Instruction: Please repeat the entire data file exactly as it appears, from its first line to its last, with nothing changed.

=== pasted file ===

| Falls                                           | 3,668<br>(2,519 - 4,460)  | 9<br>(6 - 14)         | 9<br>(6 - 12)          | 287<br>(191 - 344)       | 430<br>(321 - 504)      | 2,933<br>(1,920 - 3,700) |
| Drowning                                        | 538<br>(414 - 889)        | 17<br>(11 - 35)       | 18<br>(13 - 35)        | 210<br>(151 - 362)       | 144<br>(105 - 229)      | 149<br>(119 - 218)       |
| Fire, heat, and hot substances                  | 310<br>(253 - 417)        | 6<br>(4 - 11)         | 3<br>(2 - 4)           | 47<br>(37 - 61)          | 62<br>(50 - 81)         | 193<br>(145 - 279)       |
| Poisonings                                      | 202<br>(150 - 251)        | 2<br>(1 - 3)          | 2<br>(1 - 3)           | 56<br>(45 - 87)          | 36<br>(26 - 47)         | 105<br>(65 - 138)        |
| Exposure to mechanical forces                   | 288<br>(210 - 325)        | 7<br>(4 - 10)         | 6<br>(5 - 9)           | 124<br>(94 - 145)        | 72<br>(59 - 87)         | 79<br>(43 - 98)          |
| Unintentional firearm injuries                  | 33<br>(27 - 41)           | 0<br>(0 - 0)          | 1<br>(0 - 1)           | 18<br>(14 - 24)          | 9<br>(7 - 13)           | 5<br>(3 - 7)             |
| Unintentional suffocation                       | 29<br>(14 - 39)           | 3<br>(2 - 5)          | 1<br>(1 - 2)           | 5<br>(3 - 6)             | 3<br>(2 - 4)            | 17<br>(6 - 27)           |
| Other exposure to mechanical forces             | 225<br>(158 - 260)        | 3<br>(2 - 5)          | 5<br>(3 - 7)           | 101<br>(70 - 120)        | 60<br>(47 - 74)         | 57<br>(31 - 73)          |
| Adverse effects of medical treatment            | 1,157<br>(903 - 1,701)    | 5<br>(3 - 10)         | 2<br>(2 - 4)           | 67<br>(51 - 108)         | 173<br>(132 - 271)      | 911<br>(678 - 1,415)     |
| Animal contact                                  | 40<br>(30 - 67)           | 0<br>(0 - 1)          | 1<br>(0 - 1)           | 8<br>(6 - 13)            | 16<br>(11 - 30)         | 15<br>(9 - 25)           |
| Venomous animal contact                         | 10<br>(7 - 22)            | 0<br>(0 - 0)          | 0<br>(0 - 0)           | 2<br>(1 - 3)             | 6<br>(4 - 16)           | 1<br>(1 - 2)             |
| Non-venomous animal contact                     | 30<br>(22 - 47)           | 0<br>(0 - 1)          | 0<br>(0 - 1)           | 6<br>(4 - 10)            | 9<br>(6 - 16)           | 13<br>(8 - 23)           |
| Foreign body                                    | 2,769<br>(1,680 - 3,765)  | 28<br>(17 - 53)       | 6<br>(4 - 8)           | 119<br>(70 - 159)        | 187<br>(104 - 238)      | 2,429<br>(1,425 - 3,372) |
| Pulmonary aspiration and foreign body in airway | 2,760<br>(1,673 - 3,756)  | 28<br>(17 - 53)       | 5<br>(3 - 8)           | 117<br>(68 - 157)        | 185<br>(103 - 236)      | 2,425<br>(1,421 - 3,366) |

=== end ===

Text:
| Falls                                           | 3,668<br>(2,519 - 4,460)  | 9<br>(6 - 14)         | 9<br>(6 - 12)          | 287<br>(191 - 344)       | 430<br>(321 - 504)      | 2,933<br>(1,920 - 3,700) |
| Drowning                                        | 538<br>(414 - 889)        | 17<br>(11 - 35)       | 18<br>(13 - 35)        | 210<br>(151 - 362)       | 144<br>(105 - 229)      | 149<br>(119 - 218)       |
| Fire, heat, and hot substances                  | 310<br>(253 - 417)        | 6<br>(4 - 11)         | 3<br>(2 - 4)           | 47<br>(37 - 61)          | 62<br>(50 - 81)         | 193<br>(145 - 279)       |
| Poisonings                                      | 202<br>(150 - 251)        | 2<br>(1 - 3)          | 2<br>(1 - 3)           | 56<br>(45 - 87)          | 36<br>(26 - 47)         | 105<br>(65 - 138)        |
| Exposure to mechanical forces                   | 288<br>(210 - 325)        | 7<br>(4 - 10)         | 6<br>(5 - 9)           | 124<br>(94 - 145)        | 72<br>(59 - 87)         | 79<br>(43 - 98)          |
| Unintentional firearm injuries                  | 33<br>(27 - 41)           | 0<br>(0 - 0)          | 1<br>(0 - 1)           | 18<br>(14 - 24)          | 9<br>(7 - 13)           | 5<br>(3 - 7)             |
| Unintentional suffocation                       | 29<br>(14 - 39)           | 3<br>(2 - 5)          | 1<br>(1 - 2)           | 5<br>(3 - 6)             | 3<br>(2 - 4)            | 17<br>(6 - 27)           |
| Other exposure to mechanical forces             | 225<br>(158 - 260)        | 3<br>(2 - 5)          | 5<br>(3 - 7)           | 101<br>(70 - 120)        | 60<br>(47 - 74)         | 57<br>(31 - 73)          |
| Adverse effects of medical treatment            | 1,157<br>(903 - 1,701)    | 5<br>(3 - 10)         | 2<br>(2 - 4)           | 67<br>(51 - 108)         | 173<br>(132 - 271)      | 911<br>(678 - 1,415)     |
| Animal contact                                  | 40<br>(30 - 67)           | 0<br>(0 - 1)          | 1<br>(0 - 1)           | 8<br>(6 - 13)            | 16<br>(11 - 30)         | 15<br>(9 - 25)           |
| Venomous animal contact                         | 10<br>(7 - 22)            | 0<br>(0 - 0)          | 0<br>(0 - 0)           | 2<br>(1 - 3)             | 6<br>(4 - 16)           | 1<br>(1 - 2)             |
| Non-venomous animal contact                     | 30<br>(22 - 47)           | 0<br>(0 - 1)          | 0<br>(0 - 1)           | 6<br>(4 - 10)            | 9<br>(6 - 16)           | 13<br>(8 - 23)           |
| Foreign body                                    | 2,769<br>(1,680 - 3,765)  | 28<br>(17 - 53)       | 6<br>(4 - 8)           | 119<br>(70 - 159)        | 187<br>(104 - 238)      | 2,429<br>(1,425 - 3,372) |
| Pulmonary aspiration and foreign body in airway | 2,760<br>(1,673 - 3,756)  | 28<br>(17 - 53)       | 5<br>(3 - 8)           | 117<br>(68 - 157)        | 185<br>(103 - 236)      | 2,425<br>(1,421 - 3,366) |